Monday 18 April 2011

Hold cash now, buy bonds when interest rates rise?

On Friday, Charles Hugh Smith posted a theory that I can accept as at least plausible: America's rich will consolidate their long-term gains by engineering a bond crisis - a refusal by the Federal Reserve to keep financing government spending.

This will make interest rates soar (collapsing the tradable values of bonds and, I'd have thought, equities); new bond issues will have to offer much higher income; the rich move in with their huge reserves of cash; then comes the demand for serious economic retrenchment; interest rates fall; because of their locked-in high yields, the capital value of new bonds shoots up; hey presto, another killing for the millionaires.

If that's so, the strategy will be to copy the rich (if you have the resources) - hold cash patiently and pile into the bond market when interest rates peak.

Other implications that occur to me: don't owe any more money than you have to, don't overinvest in residential or commercial property, don't be in a business that depends on people's discretionary spending. Reconsider your balance of shares, bonds and cash. It may even be worth thinking about moving somewhere with historically lower crime rates.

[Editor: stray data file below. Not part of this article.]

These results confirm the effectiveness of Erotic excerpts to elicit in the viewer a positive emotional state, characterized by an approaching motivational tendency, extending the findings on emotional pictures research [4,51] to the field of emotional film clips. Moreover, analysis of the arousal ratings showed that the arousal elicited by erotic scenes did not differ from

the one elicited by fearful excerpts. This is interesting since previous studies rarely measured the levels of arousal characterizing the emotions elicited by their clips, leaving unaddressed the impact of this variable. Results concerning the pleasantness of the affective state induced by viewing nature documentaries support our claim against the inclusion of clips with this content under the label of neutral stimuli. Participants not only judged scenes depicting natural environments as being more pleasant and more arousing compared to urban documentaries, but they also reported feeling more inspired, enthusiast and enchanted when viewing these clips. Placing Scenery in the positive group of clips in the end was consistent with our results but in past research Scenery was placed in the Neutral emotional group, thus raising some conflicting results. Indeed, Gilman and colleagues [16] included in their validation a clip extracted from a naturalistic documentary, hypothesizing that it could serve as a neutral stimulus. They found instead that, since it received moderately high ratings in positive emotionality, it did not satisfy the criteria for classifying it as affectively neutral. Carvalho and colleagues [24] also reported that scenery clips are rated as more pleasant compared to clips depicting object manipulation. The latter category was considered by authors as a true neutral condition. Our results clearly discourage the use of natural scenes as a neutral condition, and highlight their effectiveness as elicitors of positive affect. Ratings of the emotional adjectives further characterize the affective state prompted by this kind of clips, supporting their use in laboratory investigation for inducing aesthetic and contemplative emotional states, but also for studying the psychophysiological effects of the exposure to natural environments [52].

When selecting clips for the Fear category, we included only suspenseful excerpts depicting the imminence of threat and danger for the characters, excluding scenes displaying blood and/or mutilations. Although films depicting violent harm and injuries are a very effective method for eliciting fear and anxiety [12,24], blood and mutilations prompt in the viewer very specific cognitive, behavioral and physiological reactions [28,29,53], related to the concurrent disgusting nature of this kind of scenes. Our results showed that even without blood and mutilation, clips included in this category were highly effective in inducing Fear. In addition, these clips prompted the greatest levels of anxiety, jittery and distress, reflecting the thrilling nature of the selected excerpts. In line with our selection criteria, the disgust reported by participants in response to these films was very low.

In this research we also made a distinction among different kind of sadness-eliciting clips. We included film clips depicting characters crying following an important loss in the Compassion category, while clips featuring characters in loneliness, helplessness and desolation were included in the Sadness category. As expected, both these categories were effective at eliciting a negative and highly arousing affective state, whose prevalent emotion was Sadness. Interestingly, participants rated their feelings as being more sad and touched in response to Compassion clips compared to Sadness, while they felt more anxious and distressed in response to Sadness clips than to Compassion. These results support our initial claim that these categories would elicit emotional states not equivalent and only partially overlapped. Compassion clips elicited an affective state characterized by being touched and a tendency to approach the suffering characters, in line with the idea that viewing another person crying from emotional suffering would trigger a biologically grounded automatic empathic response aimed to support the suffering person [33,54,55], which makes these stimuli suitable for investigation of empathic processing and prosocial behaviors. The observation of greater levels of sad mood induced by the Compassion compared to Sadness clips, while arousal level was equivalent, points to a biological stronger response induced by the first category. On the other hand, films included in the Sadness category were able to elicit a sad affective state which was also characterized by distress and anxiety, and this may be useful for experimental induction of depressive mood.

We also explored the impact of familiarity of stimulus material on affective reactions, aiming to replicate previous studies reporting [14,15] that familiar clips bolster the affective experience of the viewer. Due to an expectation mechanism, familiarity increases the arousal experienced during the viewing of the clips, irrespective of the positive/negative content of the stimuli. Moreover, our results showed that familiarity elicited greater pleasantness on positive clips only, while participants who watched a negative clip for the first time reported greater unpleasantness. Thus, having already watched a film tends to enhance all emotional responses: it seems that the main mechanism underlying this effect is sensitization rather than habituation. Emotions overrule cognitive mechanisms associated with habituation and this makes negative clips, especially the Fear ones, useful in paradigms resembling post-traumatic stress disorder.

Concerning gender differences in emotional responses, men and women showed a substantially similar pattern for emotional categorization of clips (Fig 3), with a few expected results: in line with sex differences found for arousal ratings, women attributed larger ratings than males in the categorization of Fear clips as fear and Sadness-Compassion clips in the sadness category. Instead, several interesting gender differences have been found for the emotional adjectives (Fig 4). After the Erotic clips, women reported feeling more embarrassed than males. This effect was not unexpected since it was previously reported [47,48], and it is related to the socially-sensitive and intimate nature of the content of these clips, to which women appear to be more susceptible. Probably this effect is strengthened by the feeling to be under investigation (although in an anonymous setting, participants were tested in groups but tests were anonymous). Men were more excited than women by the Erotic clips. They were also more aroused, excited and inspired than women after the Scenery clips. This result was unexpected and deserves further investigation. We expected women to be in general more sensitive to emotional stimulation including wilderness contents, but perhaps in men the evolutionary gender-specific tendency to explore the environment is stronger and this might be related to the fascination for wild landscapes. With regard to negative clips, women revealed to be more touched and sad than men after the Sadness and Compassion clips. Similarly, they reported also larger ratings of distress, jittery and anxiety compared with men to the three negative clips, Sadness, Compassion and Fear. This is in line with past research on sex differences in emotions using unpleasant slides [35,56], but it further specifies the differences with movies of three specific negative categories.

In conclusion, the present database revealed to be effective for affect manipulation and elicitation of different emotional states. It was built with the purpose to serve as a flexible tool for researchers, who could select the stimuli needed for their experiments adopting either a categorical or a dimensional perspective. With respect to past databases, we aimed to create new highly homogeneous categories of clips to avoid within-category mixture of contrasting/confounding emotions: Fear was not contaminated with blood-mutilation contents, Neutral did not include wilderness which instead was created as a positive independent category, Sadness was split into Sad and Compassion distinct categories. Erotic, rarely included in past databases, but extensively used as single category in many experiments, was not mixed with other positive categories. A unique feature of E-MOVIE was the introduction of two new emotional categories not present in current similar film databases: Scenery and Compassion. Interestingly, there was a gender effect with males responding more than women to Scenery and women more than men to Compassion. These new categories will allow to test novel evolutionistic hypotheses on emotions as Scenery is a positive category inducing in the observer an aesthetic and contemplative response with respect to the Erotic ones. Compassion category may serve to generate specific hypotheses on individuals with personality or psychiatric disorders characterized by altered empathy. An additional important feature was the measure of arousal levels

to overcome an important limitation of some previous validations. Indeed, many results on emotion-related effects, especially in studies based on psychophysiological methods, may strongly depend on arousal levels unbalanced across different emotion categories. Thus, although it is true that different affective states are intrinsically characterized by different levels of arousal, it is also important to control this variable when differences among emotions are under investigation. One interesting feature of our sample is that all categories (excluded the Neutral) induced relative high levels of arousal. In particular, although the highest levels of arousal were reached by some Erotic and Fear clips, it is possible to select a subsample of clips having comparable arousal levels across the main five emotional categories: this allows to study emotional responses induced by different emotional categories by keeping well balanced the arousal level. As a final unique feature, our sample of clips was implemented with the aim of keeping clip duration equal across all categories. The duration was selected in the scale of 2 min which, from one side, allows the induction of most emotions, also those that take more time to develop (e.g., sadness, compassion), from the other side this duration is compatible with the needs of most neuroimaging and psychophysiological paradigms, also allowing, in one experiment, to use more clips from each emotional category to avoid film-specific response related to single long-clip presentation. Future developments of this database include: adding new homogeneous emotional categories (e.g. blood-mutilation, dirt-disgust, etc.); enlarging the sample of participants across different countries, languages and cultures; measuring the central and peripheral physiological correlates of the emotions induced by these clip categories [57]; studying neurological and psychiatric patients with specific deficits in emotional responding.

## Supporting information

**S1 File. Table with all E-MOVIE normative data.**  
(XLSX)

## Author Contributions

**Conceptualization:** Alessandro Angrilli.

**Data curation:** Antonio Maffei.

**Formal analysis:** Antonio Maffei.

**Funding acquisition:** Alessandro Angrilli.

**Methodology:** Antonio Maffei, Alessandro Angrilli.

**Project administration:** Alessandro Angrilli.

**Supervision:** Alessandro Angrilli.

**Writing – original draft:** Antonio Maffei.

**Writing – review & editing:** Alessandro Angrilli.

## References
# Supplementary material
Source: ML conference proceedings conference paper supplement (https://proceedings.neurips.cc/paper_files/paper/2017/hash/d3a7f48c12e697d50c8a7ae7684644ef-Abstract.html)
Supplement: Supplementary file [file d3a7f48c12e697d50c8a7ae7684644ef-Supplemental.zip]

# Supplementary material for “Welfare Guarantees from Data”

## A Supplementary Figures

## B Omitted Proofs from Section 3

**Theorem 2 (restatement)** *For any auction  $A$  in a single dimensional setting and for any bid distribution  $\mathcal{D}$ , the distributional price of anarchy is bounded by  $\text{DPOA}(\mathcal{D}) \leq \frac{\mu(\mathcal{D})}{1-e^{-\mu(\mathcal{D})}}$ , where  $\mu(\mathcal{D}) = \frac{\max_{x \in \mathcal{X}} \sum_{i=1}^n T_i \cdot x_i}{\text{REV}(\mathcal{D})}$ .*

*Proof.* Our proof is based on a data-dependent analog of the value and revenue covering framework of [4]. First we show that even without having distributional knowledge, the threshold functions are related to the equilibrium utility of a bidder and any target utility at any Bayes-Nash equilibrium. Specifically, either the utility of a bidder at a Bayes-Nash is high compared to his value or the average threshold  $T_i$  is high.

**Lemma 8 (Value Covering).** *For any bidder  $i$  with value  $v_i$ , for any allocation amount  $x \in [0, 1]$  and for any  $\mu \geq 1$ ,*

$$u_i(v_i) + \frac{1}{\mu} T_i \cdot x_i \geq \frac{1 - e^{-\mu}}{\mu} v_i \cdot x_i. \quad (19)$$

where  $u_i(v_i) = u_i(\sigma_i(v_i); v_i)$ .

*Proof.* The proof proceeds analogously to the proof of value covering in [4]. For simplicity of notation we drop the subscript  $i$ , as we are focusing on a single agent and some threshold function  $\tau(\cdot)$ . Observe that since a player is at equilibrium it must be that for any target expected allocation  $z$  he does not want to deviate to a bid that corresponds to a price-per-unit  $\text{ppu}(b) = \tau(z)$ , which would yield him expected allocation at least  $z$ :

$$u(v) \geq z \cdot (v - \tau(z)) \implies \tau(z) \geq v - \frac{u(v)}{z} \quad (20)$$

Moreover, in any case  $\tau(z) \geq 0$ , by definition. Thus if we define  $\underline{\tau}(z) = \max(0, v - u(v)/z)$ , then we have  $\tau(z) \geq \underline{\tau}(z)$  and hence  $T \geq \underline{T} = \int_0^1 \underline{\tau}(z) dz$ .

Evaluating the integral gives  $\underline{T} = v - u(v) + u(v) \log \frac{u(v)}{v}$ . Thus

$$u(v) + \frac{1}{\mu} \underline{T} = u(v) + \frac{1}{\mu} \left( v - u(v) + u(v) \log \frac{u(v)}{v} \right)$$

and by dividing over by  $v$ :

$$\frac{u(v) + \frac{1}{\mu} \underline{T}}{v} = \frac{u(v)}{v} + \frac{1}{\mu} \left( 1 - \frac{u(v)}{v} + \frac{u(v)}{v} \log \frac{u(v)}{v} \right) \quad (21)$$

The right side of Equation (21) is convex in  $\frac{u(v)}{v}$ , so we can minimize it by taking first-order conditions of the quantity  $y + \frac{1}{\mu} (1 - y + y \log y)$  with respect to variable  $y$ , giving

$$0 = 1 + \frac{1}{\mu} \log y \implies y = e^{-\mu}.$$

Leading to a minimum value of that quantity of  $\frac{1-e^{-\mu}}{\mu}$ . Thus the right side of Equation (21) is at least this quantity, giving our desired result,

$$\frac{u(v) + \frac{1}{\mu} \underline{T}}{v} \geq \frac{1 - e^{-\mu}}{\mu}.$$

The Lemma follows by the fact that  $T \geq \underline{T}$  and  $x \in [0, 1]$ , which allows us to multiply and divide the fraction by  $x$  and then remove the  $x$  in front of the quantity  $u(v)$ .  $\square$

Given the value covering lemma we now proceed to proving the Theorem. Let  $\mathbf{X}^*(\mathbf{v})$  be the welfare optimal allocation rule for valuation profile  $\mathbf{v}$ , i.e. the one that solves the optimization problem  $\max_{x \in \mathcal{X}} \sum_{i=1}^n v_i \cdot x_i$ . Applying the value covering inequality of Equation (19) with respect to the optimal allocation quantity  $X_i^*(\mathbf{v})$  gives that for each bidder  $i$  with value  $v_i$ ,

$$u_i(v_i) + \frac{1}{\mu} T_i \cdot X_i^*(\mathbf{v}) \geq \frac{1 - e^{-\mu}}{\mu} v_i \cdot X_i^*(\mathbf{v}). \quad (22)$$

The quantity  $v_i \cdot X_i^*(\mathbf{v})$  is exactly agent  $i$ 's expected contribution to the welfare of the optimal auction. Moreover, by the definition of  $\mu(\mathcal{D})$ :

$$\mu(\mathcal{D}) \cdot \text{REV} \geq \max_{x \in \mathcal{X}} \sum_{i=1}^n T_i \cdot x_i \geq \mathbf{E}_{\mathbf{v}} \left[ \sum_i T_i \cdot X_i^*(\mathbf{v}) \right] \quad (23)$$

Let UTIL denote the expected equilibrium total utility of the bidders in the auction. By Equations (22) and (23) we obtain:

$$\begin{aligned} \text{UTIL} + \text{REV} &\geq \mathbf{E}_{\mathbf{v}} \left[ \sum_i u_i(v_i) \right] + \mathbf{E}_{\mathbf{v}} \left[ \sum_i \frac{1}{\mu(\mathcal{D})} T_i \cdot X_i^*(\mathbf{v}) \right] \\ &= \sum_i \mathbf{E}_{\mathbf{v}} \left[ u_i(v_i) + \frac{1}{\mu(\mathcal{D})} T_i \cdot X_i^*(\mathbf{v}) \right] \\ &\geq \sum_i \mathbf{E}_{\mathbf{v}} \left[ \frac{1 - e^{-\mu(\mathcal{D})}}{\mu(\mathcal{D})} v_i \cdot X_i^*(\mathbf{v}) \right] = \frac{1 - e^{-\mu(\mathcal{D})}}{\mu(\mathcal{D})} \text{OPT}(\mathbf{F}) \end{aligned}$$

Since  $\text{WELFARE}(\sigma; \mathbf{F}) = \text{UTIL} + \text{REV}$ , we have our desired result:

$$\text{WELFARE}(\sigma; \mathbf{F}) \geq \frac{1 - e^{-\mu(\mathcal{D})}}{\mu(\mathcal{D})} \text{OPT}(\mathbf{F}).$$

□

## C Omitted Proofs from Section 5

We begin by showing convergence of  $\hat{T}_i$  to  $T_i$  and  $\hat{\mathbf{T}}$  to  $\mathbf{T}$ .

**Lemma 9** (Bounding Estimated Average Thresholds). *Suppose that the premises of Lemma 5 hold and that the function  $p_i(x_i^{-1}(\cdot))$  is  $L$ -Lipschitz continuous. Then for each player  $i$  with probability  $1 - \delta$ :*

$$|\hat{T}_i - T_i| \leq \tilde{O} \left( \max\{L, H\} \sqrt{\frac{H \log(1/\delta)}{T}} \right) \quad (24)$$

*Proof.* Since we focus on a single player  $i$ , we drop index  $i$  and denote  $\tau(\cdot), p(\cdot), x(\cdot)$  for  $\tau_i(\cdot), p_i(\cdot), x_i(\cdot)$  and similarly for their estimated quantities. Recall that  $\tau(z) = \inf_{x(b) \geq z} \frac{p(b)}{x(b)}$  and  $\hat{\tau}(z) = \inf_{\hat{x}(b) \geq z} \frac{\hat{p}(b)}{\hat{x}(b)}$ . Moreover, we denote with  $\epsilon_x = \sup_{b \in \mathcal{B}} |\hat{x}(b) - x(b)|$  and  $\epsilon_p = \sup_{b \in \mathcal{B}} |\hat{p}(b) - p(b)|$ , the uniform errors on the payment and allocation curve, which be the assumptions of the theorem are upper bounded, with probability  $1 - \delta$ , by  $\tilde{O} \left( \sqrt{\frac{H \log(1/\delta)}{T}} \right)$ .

What about "inflation-protected" investments, such as NS&I Index-Linked Savings Certificates (due to become available again soon)? Smith observes: "Holders of TIPS [Treasury Inflation-Protected Securities, in the USA] will do OK, unless the government fraudulently sets the rate of inflation well below reality. Hmm, isn't that exactly what's it's already doing?" But presumably there's a limit to how much the government can misrepresent inflation; and besides, Smith's thesis is that we are headed for deflation because inflation robs the rich.

He could be wrong; but if he's right, the word passed down the ranks of cash holders is "Stand fast!"

INVESTMENT DISCLOSURE: None. Still in cash, and missing all those day-trading opportunities.

DISCLAIMER: Nothing here should be taken as personal advice, financial or otherwise. No liability is accepted for third-party content, whether incorporated in or linked to this blog.

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